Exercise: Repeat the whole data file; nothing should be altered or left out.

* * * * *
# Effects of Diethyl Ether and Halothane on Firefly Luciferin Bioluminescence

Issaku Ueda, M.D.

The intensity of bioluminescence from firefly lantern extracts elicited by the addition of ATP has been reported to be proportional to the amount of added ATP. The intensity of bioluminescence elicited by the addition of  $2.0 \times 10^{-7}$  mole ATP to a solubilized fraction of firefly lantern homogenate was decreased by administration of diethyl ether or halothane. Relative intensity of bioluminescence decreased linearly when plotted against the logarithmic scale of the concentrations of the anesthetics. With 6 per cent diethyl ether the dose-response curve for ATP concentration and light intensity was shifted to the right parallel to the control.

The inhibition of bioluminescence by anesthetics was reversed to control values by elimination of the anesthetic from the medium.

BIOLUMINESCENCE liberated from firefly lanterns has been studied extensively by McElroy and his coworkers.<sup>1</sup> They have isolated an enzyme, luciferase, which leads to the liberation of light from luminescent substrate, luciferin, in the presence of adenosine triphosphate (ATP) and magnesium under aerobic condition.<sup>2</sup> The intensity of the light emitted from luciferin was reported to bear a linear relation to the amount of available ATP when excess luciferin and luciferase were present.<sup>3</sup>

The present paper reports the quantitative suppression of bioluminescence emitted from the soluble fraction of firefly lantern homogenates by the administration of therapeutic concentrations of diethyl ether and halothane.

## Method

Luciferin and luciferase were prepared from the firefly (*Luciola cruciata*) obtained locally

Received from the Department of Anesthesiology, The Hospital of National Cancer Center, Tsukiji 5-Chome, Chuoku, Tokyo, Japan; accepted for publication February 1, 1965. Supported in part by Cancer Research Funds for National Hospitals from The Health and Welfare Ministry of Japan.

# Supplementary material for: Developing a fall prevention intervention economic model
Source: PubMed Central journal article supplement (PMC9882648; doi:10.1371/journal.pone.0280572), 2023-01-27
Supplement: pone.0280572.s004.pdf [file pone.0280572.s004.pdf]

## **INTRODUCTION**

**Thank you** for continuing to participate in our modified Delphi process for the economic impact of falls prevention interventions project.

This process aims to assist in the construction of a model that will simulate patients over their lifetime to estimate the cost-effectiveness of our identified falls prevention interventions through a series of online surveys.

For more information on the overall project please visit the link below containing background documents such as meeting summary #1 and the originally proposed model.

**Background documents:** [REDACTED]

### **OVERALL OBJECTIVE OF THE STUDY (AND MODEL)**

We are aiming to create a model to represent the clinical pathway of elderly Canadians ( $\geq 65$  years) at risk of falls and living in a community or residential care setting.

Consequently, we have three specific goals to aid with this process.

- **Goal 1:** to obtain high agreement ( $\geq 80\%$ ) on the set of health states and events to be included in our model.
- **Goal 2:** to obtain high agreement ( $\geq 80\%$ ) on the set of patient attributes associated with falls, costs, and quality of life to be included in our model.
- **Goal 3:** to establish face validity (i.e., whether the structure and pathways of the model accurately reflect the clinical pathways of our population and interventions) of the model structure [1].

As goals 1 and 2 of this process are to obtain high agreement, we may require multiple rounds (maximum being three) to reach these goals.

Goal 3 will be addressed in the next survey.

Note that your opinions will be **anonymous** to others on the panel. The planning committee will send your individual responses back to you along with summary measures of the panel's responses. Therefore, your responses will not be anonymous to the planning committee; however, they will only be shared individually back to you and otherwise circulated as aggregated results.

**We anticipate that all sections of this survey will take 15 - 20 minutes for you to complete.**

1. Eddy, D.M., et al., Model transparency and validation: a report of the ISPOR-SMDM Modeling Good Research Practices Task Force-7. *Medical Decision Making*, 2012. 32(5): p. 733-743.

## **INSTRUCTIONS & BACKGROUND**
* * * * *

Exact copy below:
# Effects of Diethyl Ether and Halothane on Firefly Luciferin Bioluminescence

Issaku Ueda, M.D.

The intensity of bioluminescence from firefly lantern extracts elicited by the addition of ATP has been reported to be proportional to the amount of added ATP. The intensity of bioluminescence elicited by the addition of  $2.0 \times 10^{-7}$  mole ATP to a solubilized fraction of firefly lantern homogenate was decreased by administration of diethyl ether or halothane. Relative intensity of bioluminescence decreased linearly when plotted against the logarithmic scale of the concentrations of the anesthetics. With 6 per cent diethyl ether the dose-response curve for ATP concentration and light intensity was shifted to the right parallel to the control.

The inhibition of bioluminescence by anesthetics was reversed to control values by elimination of the anesthetic from the medium.

BIOLUMINESCENCE liberated from firefly lanterns has been studied extensively by McElroy and his coworkers.<sup>1</sup> They have isolated an enzyme, luciferase, which leads to the liberation of light from luminescent substrate, luciferin, in the presence of adenosine triphosphate (ATP) and magnesium under aerobic condition.<sup>2</sup> The intensity of the light emitted from luciferin was reported to bear a linear relation to the amount of available ATP when excess luciferin and luciferase were present.<sup>3</sup>

The present paper reports the quantitative suppression of bioluminescence emitted from the soluble fraction of firefly lantern homogenates by the administration of therapeutic concentrations of diethyl ether and halothane.

## Method

Luciferin and luciferase were prepared from the firefly (*Luciola cruciata*) obtained locally

Received from the Department of Anesthesiology, The Hospital of National Cancer Center, Tsukiji 5-Chome, Chuoku, Tokyo, Japan; accepted for publication February 1, 1965. Supported in part by Cancer Research Funds for National Hospitals from The Health and Welfare Ministry of Japan.

# Supplementary material for: Developing a fall prevention intervention economic model
Source: PubMed Central journal article supplement (PMC9882648; doi:10.1371/journal.pone.0280572), 2023-01-27
Supplement: pone.0280572.s004.pdf [file pone.0280572.s004.pdf]

## **INTRODUCTION**

**Thank you** for continuing to participate in our modified Delphi process for the economic impact of falls prevention interventions project.

This process aims to assist in the construction of a model that will simulate patients over their lifetime to estimate the cost-effectiveness of our identified falls prevention interventions through a series of online surveys.

For more information on the overall project please visit the link below containing background documents such as meeting summary #1 and the originally proposed model.

**Background documents:** [REDACTED]

### **OVERALL OBJECTIVE OF THE STUDY (AND MODEL)**

We are aiming to create a model to represent the clinical pathway of elderly Canadians ( $\geq 65$  years) at risk of falls and living in a community or residential care setting.

Consequently, we have three specific goals to aid with this process.

- **Goal 1:** to obtain high agreement ( $\geq 80\%$ ) on the set of health states and events to be included in our model.
- **Goal 2:** to obtain high agreement ( $\geq 80\%$ ) on the set of patient attributes associated with falls, costs, and quality of life to be included in our model.
- **Goal 3:** to establish face validity (i.e., whether the structure and pathways of the model accurately reflect the clinical pathways of our population and interventions) of the model structure [1].

As goals 1 and 2 of this process are to obtain high agreement, we may require multiple rounds (maximum being three) to reach these goals.

Goal 3 will be addressed in the next survey.

Note that your opinions will be **anonymous** to others on the panel. The planning committee will send your individual responses back to you along with summary measures of the panel's responses. Therefore, your responses will not be anonymous to the planning committee; however, they will only be shared individually back to you and otherwise circulated as aggregated results.

**We anticipate that all sections of this survey will take 15 - 20 minutes for you to complete.**

1. Eddy, D.M., et al., Model transparency and validation: a report of the ISPOR-SMDM Modeling Good Research Practices Task Force-7. *Medical Decision Making*, 2012. 32(5): p. 733-743.

## **INSTRUCTIONS & BACKGROUND**